Arthritis: what foods do (and don’t) help?


Arthritis is a general term encompassing conditions that share joint pain and inflammation. Typical treatment involves pain-reducing medication. While there is no definitive arthritis diet, research suggests including anti-inflammatory foods in your diet and limiting foods that may trigger joint pain. 

Fuel up on Fish

Certain types of fish are packed with inflammation-fighting omega-3 fatty acids, experts recommend at least 3 to 4 ounces of fish, twice a week. Omega-3-rich fish include salmon, tuna, mackerel and herring.

Step up to Soy

Not a fan of fish but still want the inflammation-busting benefits of omega-3 fatty acids? Try heart-healthy soybeans (tofu or edamame). Soybeans are also low in fat, high in protein and fiber and an all-around good-for-you food.

Opt for oils

Extra virgin olive oil is loaded with heart-healthy fats, as well as oleocanthal, which has properties similar to non-steroidal, anti-inflammatory drugs. But it’s not the only oil with health benefits. Avocado and safflower oils have shown cholesterol-lowering properties, while walnut oil has 10 times the omega-3s that olive oil has.

Check out Cherries

Studies have shown cherries help reduce the frequency of gout attacks. Research has shown that the anthocyanins found in cherries have an anti-inflammatory effect. Anthocyanins can also be found in other red and purple fruits like strawberries, raspberries, blueberries and blackberries.

Don’t ditch the dairy

Low-fat dairy products, like milk, yogurt and cheese are packed with calcium and vitamin D, both found to increase bone strength. Vitamin D is essential for calcium absorption, and it has been shown to boost the immune system. If dairy doesn’t agree with you, aim for other calcium and vitamin D-rich foods like leafy green vegetables.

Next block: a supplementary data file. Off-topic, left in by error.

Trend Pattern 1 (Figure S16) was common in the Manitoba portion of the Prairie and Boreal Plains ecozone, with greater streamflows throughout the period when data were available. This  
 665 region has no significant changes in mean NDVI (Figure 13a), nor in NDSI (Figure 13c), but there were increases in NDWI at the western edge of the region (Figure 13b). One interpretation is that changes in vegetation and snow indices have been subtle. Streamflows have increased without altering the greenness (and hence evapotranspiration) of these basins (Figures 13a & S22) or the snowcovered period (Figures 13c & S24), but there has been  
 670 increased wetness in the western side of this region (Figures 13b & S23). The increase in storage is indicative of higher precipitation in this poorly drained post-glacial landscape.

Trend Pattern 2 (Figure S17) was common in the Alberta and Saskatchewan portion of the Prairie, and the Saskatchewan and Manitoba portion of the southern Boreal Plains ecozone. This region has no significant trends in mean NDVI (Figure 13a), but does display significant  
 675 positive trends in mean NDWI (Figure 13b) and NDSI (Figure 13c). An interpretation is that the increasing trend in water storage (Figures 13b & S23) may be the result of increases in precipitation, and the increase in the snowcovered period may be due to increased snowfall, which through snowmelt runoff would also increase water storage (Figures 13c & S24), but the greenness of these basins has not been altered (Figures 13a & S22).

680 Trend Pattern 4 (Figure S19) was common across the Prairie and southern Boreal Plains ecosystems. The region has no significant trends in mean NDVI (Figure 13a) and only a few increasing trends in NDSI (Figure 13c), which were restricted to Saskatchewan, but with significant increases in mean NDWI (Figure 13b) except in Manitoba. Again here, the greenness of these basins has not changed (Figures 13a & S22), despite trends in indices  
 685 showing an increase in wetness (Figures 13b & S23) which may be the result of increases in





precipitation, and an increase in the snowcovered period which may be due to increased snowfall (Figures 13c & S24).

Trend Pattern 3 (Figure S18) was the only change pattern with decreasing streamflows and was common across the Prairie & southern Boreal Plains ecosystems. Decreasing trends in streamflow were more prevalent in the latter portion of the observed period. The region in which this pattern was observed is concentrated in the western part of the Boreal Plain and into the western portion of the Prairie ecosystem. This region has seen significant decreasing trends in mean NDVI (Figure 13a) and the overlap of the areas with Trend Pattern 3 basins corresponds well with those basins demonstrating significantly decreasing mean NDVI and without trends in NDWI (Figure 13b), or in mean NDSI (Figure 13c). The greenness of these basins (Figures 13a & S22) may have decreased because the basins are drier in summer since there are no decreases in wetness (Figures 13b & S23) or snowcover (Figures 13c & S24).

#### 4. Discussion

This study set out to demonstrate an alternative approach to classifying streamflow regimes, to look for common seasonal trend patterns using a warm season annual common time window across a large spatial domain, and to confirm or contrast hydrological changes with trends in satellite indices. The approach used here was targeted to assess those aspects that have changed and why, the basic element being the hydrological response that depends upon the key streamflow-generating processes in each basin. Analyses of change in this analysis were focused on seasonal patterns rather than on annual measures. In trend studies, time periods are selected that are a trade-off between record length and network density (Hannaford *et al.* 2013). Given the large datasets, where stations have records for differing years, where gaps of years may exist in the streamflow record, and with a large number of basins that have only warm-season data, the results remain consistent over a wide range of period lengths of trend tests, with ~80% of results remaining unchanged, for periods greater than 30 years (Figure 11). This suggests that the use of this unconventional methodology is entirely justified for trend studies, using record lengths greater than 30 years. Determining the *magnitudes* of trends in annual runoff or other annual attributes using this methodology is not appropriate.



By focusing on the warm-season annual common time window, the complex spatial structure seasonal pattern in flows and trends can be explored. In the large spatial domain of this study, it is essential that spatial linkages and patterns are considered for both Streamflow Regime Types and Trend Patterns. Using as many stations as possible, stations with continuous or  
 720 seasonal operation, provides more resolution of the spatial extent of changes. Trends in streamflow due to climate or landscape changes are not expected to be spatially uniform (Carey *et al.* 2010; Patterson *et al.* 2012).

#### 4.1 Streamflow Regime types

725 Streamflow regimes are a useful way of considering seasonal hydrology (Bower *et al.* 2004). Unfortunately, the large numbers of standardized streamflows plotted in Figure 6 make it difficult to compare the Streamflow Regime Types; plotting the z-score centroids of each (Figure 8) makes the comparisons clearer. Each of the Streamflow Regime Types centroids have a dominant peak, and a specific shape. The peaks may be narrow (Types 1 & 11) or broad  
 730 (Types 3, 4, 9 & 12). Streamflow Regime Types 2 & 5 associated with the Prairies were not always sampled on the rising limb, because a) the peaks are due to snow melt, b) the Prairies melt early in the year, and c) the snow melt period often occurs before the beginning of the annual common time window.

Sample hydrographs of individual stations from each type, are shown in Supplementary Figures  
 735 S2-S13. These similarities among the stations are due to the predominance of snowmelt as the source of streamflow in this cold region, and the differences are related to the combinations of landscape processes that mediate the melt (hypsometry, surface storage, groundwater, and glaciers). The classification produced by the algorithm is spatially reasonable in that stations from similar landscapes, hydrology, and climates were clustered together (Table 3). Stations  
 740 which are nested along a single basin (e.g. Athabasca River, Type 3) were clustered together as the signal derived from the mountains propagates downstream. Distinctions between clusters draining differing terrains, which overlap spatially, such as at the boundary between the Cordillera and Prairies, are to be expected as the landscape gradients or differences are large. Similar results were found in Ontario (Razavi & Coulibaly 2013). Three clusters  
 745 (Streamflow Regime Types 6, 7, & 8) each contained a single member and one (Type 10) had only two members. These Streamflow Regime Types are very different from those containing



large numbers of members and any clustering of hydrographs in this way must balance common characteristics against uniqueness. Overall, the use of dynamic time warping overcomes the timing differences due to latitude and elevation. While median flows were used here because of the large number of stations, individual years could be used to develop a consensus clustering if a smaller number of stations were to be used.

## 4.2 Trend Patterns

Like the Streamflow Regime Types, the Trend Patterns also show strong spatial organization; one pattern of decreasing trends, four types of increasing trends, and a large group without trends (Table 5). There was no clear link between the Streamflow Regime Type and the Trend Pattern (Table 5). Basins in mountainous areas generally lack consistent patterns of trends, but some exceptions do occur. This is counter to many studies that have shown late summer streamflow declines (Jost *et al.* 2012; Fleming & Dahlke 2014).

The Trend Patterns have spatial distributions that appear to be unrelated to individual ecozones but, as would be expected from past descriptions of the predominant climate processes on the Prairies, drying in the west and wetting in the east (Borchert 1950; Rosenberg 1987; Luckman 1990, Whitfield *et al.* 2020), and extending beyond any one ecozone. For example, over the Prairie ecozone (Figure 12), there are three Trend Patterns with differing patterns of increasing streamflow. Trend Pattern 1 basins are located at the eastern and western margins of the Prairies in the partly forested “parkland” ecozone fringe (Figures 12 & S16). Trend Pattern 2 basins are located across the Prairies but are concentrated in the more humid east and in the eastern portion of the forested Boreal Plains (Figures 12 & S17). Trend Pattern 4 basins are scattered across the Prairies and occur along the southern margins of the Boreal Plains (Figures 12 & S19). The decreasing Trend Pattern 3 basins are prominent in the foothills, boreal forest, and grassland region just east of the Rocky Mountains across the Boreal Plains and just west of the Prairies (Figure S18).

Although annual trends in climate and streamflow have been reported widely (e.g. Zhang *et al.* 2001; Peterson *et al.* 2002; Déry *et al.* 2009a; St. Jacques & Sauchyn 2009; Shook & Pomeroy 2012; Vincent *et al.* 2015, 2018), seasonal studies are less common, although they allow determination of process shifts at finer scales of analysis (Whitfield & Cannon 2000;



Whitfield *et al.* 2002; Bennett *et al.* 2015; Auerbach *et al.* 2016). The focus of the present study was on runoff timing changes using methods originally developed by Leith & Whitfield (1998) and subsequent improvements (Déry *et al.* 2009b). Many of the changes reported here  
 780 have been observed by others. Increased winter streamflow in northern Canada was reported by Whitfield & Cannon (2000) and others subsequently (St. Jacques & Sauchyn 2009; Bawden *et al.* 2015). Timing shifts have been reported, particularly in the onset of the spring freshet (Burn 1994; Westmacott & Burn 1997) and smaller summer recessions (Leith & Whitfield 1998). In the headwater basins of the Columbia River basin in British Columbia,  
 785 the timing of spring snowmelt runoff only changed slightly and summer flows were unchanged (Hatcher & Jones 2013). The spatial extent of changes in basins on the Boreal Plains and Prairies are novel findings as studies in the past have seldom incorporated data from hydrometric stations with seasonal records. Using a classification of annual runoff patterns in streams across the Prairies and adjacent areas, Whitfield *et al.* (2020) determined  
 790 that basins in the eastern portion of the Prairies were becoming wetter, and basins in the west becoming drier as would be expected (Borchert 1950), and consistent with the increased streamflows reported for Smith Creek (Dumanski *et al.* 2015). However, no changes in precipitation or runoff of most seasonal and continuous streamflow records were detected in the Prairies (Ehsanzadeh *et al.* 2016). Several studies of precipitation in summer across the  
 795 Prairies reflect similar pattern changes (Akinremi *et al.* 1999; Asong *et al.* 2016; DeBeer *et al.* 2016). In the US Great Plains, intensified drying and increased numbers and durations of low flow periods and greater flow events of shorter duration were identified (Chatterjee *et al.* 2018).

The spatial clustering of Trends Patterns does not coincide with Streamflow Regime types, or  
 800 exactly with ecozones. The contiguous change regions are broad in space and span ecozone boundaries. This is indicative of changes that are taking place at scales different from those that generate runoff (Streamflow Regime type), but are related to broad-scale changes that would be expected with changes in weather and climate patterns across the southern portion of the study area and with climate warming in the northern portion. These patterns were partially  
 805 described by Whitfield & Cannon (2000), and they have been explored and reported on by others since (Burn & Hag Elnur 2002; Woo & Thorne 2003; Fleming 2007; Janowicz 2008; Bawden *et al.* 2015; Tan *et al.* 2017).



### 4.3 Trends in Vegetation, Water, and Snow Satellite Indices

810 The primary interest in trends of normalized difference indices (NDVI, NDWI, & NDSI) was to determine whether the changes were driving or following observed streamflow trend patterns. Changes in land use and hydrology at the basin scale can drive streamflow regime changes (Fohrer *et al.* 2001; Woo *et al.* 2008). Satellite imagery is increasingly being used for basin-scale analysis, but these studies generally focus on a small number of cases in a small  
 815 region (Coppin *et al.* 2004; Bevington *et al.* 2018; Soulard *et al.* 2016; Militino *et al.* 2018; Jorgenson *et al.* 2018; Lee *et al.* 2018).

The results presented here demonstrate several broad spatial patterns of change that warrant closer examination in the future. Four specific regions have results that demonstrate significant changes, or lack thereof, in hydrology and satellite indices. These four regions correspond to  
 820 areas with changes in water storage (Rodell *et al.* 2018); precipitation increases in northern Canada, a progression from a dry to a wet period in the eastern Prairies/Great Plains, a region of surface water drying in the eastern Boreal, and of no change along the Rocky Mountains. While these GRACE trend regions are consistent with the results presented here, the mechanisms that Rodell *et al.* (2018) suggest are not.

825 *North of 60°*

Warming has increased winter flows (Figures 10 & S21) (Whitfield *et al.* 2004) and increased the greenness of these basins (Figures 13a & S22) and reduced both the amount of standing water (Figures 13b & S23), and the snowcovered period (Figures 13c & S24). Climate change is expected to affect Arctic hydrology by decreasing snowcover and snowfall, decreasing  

Bet on Broccoli

Rich in vitamins K and C, broccoli also contains a compound called sulforaphane, which researchers have found could help prevent or slow the progression of osteoarthritis (OA). Broccoli is also rich in calcium, which is known for its bone-building benefits.

Go Green tea

Green tea is packed with polyphenols, antioxidants believed to reduce inflammation and slow cartilage destruction. Studies also show that another antioxidant in green tea called epigallocatechin-3-gallate (EGCG) blocks the production of molecules that cause joint damage in people with rheumatoid arthritis (RA).

Sink into some citrus

Citrus fruits – like oranges, grapefruits and limes – are rich in vitamin C. Research shows that getting the right amount of vitamin aids in preventing inflammatory arthritis and maintaining healthy joints with osteoarthritis (OA).

Go with whole grains

Whole grains lower levels of C-reactive protein (CRP) in the blood. CRP is a marker of inflammation associated with heart disease, diabetes and rheumatoid arthritis. Foods like oatmeal, brown rice and whole-grain cereals are excellent sources of whole grains.

Break out the beans

Beans are packed with fiber, a nutrient that helps lower CRP. Beans are also an excellent – and inexpensive – source of protein, which is important for muscle health. Some beans are rich in folic acid, magnesium, iron, zinc and potassium, all known for their heart and immune system benefits. Look for red beans, kidney beans and pinto beans.

Grab the garlic

Studies have shown that people who regularly ate foods from the allium family – such as garlic, onions and leeks – showed fewer signs of early osteoarthritis (OA). Researchers believe the compound diallyl disulphine found in garlic may limit cartilage-damaging enzymes in human cells.